What is in this article?:
- Spider mite outbreaks are usually more common on watermelons than other netted and mixed melon varieties.
- Maximum powdery mildew disease control on melons requires the initiation of a fungicide application program when environmental conditions favor disease development but before the first visible detection of disease.
- 2012 Arizona winter vegetable acreage numbers indicate that lettuce was clearly the major vegetable crop at 65,200 acres, followed by melons - 21,700 acres, spinach – 8,000 acres, broccoli – 7,400 acres, and cauliflower – 3,600 acres.
The latest Arizona Vegetable Integrated Pest Management Update from the University of Arizona (UA) Cooperative Extension in Yuma, Ariz. released May 1, 2013.
Spider mites on melons
By John Palumbo, UA research scientist and Extension specialist
Over the last several weeks, I have received calls concerning spider mites on melons. Two spotted spider mites, Tetranychus spp, are widespread on melon crops throughout the southwestern U.S.
In general, outbreaks are more common on watermelons than other netted and mixed melon varieties. However, problems can certainly occur on all melon types.
Hot dry weather can be favorable for mite infestations. Mite populations can increase dramatically. For example, mites can mature from egg to adult in about 37 days when temperatures average about 60 degrees F. At an average temperature of 86 degrees F. it only requires 7-8 8 days to complete the lifecycle.
Several natural enemies - including predatory mites and thrips, minute pirate bugs, and lacewings - play an important role in regulating mite populations below economically damaging levels. Predators can keep mite populations in check by feeding slowly on developing mite populations.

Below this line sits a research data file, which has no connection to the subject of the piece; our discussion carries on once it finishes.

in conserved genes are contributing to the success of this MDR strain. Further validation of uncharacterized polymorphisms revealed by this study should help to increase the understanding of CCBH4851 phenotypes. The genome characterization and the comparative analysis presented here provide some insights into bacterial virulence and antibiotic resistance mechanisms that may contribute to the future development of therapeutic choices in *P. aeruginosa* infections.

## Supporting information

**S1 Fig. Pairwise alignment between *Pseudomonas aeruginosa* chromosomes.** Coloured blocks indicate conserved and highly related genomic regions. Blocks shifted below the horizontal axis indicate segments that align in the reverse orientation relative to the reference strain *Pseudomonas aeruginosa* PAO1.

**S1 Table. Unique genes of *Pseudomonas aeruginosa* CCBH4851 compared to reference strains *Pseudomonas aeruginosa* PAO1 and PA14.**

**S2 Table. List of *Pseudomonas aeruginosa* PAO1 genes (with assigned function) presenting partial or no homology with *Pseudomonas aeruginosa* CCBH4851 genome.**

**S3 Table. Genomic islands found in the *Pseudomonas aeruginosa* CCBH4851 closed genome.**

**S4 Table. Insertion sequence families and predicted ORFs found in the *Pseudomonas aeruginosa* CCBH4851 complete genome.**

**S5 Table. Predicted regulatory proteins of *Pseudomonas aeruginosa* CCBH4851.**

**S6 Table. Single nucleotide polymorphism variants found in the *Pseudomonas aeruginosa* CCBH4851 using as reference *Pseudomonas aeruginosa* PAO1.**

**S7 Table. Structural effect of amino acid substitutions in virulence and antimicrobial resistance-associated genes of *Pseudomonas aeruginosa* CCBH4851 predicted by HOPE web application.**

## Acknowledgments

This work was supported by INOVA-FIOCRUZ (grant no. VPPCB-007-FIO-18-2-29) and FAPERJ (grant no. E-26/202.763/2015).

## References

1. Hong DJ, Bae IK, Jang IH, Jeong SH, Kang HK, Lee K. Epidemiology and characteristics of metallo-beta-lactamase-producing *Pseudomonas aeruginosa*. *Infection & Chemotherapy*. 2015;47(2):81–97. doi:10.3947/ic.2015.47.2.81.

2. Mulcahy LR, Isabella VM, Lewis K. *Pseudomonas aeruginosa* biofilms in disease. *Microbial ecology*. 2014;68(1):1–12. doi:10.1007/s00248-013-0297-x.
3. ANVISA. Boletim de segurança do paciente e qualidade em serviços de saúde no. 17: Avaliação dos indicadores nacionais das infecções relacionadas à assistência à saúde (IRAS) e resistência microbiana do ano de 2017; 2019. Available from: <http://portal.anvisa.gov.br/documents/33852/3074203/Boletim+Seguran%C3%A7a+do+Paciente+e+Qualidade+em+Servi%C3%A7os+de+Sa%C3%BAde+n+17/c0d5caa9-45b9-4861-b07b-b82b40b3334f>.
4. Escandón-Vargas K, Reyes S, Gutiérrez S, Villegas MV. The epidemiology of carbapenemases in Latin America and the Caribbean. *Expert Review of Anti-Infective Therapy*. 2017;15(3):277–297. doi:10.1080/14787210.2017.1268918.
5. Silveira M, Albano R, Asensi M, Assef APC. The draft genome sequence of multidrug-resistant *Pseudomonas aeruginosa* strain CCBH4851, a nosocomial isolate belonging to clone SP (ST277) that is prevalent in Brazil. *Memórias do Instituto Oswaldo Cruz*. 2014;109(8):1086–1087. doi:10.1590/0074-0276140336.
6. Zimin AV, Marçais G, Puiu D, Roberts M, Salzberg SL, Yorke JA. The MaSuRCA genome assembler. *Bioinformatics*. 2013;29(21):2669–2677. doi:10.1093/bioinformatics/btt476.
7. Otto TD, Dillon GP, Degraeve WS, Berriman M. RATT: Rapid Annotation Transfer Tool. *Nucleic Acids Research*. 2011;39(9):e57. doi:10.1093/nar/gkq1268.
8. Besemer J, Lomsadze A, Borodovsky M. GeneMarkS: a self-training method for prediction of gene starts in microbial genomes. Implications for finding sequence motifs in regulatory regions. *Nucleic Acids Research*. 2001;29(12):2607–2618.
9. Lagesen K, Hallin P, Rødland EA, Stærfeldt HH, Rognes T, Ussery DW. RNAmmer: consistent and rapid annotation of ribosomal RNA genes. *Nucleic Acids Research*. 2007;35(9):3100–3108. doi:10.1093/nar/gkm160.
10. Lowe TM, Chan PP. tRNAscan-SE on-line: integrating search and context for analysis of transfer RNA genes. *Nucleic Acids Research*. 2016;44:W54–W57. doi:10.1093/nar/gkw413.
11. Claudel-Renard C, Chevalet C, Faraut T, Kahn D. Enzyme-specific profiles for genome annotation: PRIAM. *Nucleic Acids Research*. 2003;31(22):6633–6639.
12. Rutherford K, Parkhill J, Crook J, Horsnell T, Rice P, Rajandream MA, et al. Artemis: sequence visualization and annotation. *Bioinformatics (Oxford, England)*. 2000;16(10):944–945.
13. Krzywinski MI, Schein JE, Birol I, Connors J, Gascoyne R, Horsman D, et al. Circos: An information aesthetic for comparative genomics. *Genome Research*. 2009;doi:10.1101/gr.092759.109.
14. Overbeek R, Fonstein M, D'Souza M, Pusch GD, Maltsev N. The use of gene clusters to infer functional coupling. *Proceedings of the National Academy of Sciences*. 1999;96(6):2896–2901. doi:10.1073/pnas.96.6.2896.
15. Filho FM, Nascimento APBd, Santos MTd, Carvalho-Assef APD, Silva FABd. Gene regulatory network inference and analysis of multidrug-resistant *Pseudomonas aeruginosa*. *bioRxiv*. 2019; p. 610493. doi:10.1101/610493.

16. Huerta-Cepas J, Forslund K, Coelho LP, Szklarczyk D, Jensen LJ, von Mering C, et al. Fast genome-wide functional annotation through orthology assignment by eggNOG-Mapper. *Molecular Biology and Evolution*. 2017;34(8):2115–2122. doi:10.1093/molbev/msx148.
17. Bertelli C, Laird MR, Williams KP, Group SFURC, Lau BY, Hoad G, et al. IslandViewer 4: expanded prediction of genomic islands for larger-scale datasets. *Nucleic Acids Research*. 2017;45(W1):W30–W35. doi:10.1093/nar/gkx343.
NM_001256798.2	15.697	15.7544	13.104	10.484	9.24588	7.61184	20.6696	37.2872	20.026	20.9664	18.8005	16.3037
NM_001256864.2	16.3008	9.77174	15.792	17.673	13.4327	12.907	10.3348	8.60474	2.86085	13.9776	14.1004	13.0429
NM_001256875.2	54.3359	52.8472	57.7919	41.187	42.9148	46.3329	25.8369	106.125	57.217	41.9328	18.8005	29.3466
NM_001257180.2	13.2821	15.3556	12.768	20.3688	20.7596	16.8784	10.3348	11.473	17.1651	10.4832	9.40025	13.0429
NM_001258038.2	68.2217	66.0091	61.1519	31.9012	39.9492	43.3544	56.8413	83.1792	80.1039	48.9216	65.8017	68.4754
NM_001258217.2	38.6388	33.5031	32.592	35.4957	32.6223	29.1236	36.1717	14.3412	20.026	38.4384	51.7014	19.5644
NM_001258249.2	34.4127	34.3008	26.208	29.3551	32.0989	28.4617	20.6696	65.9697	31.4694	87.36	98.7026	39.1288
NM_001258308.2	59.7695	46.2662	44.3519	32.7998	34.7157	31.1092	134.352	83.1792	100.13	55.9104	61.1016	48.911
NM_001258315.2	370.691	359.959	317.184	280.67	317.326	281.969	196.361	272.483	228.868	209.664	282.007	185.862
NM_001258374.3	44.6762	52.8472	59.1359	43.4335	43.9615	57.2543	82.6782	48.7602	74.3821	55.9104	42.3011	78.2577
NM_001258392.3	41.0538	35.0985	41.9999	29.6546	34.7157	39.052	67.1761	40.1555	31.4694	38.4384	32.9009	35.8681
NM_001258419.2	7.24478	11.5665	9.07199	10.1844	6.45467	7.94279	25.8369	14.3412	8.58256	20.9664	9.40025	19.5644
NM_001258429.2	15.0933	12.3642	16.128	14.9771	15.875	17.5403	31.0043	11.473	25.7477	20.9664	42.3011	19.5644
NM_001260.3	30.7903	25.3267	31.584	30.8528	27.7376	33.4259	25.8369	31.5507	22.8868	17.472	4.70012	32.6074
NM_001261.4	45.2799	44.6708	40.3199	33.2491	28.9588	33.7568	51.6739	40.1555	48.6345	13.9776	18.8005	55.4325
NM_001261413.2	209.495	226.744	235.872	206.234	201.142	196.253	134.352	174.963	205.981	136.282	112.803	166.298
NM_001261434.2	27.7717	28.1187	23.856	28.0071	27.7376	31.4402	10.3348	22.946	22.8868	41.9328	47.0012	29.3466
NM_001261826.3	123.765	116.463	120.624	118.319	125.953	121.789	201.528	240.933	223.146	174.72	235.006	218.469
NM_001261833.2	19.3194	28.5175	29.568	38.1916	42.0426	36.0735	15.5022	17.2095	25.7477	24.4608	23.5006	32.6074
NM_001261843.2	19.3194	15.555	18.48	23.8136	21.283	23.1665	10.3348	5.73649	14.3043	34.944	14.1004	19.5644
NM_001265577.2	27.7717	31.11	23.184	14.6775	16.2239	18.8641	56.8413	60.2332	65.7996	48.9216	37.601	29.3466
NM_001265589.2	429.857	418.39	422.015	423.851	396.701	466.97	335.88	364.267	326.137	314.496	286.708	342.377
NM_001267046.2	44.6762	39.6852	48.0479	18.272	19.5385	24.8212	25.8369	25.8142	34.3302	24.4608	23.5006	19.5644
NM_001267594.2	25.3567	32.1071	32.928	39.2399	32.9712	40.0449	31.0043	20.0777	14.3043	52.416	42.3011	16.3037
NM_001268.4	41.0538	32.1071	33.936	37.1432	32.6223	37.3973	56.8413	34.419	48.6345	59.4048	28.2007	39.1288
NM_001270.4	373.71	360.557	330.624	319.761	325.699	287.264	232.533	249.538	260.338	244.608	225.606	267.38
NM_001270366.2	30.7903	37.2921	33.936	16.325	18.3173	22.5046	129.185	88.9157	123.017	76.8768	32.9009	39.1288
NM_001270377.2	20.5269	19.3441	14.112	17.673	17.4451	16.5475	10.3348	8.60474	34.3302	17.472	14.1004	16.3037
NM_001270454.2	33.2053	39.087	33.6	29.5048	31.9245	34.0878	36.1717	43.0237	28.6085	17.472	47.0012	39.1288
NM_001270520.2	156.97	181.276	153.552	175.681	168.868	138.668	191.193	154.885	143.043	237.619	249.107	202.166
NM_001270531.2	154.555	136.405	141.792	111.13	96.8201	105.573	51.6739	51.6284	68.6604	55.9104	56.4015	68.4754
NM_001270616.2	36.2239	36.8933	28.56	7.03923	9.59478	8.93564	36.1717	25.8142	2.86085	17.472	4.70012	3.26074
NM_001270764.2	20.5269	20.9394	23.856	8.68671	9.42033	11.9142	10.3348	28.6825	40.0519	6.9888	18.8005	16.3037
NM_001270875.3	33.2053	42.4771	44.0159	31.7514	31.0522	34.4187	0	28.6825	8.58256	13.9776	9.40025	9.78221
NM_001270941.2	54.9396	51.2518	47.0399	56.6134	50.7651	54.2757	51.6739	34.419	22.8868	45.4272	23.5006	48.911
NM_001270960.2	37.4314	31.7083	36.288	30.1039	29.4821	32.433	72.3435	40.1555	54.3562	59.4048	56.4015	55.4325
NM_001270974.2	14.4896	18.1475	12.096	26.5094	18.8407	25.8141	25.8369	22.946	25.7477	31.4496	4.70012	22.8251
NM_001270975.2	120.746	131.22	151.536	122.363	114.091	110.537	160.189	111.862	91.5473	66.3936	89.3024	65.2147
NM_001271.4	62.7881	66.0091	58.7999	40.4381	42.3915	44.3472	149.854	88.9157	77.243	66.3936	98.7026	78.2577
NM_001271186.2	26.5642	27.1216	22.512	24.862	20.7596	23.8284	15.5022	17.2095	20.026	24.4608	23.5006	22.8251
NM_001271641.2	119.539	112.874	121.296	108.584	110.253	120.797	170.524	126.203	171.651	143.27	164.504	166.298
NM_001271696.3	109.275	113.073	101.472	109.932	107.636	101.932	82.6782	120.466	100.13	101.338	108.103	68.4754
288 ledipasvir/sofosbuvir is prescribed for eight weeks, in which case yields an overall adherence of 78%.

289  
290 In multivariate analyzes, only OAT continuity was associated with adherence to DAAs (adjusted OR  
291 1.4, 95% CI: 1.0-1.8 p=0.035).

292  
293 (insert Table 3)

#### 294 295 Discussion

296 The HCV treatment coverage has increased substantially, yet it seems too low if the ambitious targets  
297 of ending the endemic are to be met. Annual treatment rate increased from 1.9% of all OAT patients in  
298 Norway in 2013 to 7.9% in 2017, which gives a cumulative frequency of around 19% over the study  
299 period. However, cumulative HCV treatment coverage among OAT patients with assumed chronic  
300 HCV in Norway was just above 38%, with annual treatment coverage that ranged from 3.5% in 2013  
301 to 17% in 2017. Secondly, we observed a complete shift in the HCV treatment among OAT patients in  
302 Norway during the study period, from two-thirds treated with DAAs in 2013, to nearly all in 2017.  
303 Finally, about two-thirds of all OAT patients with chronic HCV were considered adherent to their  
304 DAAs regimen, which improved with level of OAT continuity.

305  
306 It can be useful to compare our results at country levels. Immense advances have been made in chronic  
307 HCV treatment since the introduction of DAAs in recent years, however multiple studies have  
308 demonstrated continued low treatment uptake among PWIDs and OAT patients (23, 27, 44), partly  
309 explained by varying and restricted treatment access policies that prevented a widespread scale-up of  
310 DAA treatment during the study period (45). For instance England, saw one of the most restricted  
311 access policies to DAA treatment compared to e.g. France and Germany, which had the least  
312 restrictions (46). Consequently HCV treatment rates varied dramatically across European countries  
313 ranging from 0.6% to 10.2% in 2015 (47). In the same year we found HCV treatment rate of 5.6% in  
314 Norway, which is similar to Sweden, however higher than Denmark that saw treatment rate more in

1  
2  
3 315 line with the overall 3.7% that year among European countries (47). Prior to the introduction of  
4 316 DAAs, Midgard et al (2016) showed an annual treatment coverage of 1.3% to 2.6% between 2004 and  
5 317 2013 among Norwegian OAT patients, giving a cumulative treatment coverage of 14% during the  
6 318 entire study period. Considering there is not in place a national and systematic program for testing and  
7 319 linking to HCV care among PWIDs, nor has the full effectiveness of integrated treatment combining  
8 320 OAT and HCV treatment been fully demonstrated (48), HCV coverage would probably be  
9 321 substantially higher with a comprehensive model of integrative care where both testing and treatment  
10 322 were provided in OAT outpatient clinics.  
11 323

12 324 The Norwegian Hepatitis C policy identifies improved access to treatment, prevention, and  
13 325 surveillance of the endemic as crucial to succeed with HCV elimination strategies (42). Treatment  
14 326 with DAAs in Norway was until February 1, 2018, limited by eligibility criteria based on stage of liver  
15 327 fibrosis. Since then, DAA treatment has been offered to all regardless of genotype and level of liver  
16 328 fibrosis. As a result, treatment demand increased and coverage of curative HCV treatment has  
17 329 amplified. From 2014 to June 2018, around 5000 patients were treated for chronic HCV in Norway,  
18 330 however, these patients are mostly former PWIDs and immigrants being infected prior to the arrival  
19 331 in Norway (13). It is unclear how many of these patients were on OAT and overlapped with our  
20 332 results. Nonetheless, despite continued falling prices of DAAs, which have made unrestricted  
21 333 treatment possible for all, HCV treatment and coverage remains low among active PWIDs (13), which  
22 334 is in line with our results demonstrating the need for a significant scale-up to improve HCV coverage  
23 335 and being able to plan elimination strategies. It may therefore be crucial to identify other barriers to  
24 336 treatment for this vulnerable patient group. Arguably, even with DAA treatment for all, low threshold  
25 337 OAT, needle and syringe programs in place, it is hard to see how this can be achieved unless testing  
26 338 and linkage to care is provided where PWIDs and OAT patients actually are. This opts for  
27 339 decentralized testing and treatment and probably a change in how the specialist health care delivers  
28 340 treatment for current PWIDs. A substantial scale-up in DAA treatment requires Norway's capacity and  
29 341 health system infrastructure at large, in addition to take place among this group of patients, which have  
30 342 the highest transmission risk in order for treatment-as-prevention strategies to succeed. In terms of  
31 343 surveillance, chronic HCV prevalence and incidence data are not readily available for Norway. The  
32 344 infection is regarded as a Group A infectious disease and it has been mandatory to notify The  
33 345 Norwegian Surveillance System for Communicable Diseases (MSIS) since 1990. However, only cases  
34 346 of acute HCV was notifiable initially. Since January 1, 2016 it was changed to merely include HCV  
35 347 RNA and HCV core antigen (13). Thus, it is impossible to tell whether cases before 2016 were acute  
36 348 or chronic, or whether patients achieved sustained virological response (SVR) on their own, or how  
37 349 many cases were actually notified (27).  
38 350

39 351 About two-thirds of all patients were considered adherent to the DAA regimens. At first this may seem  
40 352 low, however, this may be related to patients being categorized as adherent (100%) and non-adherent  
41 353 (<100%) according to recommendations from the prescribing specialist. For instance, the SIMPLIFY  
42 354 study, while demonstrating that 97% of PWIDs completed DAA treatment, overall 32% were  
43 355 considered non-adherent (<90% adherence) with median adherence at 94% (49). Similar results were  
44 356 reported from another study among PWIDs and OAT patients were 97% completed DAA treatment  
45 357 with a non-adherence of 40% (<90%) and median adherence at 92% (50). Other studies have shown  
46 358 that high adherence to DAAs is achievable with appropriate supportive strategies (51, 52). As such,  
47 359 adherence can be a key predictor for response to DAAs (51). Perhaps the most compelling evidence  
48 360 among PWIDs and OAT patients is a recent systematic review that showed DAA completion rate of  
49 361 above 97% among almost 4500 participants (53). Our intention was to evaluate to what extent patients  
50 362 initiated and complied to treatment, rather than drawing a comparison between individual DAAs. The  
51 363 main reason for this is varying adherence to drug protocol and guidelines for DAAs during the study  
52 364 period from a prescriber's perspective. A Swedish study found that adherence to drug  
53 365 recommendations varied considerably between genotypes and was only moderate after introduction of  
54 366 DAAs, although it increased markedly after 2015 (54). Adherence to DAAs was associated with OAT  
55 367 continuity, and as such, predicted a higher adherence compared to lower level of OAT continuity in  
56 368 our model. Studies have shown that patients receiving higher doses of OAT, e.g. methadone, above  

When temperatures become hot and dry, mites can quickly out run the predator population due to rapid reproduction.
Good irrigation and fertilization management increases plant tolerance to mites. Although economic thresholds have not been adequately established for spider mites in the low desert, treatment with an acaricide is recommended when significant webbing is found on leaves and predatory mites and thrips are absent.
Effective miticides for melons include Agri-Mek, Oberon, Acramite, Fujimite, Zeal, and sulfur. If leafminers are present in the field, Agri-Mek is a good option.
If whiteflies nymphs begin to build on older leaves, Oberon may be an effective option.
For more information on mites and their management please visit:Melon Insect Pest Management in Arizona.
Note: A thank you to those who completed the lettuce crop losses surveys and Bagrada surveys. The information will be very useful. If not completed yet, please return the survey as soon as possible.
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“Remember, when in doubt - scout.”
Contact Palumbo: (928) 782-3836 or firstname.lastname@example.org.